Police used the network last month to spread information about several things, including a fatal shooting on Windsor Street and the groping of a woman at the Red Line’s Kendall/MIT Station. Suspects were caught in both cases.
Room with an arty view
Imagine browsing Airbnb listings and seeing two apartments available for the same price, with the only difference that one has bare walls, and the other is filled with original art. Are you more likely to rent the latter?
Three MIT graduate students are betting that you are. That’s why they’ve founded Tekuma, which curates small galleries in apartments listed on rental sites. Typically, Tekuma uses works by students and favors computer-generated art that’s been printed and framed. It’s all for sale.
“As a traveler, you don’t have to go to the gallery; the gallery kind of comes to you,” said Marwan Aboudib, who started the company with fellow architecture students Kun Qian and Tengjia Liu.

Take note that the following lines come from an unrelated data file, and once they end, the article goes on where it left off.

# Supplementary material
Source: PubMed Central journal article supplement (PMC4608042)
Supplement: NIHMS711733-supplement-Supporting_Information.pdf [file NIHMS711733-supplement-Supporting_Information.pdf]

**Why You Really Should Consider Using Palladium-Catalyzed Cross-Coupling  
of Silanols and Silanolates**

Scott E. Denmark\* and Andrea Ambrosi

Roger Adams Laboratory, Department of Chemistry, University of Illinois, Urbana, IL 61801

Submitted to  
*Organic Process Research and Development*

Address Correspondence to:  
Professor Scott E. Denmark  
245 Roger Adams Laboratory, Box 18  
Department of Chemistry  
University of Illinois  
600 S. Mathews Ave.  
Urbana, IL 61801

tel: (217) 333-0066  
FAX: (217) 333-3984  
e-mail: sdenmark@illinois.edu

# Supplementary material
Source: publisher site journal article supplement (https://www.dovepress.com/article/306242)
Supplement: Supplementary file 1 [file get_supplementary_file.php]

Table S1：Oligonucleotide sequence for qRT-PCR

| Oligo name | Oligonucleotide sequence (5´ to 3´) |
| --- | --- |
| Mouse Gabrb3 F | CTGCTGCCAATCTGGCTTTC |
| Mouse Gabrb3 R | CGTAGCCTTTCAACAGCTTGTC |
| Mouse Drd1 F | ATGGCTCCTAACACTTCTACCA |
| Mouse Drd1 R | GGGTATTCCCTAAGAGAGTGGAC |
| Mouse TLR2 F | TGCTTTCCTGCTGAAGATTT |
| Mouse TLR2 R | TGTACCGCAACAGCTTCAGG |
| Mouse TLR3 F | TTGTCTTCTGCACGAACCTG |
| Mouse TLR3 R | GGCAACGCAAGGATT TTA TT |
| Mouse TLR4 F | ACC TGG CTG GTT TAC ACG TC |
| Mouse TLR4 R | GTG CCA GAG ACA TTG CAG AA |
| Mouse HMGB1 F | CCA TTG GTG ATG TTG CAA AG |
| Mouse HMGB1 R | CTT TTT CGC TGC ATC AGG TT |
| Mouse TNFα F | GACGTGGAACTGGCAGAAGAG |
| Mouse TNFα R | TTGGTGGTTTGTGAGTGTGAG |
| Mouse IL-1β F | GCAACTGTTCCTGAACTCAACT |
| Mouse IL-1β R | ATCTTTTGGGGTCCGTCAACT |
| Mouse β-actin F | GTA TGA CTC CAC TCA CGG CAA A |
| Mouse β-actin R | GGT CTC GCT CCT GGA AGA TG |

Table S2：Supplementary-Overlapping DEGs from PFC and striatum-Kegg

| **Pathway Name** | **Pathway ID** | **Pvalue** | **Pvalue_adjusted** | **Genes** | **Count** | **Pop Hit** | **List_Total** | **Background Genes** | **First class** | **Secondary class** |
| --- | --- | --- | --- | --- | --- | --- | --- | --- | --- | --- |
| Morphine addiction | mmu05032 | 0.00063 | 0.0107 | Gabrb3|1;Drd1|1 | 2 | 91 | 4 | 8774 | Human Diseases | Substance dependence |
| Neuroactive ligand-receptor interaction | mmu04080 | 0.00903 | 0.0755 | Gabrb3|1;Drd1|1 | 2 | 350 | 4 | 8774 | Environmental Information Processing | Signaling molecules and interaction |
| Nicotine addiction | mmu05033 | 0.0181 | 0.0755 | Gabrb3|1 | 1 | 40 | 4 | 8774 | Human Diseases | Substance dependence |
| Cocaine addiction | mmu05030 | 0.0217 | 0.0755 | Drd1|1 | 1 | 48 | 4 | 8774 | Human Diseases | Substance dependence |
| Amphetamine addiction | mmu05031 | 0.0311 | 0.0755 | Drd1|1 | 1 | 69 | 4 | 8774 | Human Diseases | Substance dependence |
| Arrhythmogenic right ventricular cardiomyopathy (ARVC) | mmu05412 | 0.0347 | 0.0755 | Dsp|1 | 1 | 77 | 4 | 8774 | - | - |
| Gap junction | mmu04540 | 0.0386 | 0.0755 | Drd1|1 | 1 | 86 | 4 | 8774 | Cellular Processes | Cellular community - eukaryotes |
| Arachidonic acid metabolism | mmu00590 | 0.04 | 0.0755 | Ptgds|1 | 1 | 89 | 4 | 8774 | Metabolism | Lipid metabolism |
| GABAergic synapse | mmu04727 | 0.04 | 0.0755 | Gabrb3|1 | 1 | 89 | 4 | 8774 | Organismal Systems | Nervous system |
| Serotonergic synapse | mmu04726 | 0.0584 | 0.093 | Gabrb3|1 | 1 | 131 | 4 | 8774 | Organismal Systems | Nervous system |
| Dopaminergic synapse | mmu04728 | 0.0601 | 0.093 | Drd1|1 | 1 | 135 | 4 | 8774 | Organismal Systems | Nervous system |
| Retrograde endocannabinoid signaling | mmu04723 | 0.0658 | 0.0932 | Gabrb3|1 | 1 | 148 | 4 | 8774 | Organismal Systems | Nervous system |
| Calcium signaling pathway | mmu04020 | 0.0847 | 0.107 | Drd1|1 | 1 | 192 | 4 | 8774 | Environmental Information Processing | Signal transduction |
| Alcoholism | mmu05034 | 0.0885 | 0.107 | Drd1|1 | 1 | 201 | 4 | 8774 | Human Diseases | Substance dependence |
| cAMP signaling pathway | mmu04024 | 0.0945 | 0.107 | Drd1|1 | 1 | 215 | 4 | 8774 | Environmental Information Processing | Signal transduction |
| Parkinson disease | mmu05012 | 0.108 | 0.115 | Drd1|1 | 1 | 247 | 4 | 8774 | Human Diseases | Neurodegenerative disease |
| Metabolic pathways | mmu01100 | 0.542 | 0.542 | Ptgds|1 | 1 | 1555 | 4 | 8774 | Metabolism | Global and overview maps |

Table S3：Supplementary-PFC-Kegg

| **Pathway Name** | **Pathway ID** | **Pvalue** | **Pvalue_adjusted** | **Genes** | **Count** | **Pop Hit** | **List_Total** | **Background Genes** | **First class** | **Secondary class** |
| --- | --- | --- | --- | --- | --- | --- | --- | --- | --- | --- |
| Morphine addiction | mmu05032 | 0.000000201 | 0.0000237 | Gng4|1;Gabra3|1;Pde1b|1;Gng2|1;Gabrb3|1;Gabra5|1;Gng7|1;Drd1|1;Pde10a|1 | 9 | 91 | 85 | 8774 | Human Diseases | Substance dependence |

The three spent the summer at the MIT Global Founders’ Skills Accelerator, which gives students stipends and space in the Martin Trust Center to launch startups. They’ll join other student entrepreneurs to pitch ideas Saturday at the accelerator’s Demo Day.
Tekuma’s founders, who also play basketball together, first toyed with creating an online marketplace for student artwork. But the architects-in-training realized they preferred enhancing a physical space with art.
“It’s what we know how to do,” Aboudib said.
The three students finish their degrees in December and plan on dedicating themselves to building Tekuma. But as they’ve installed works in more units, they’ve encountered a challenge: They need more art.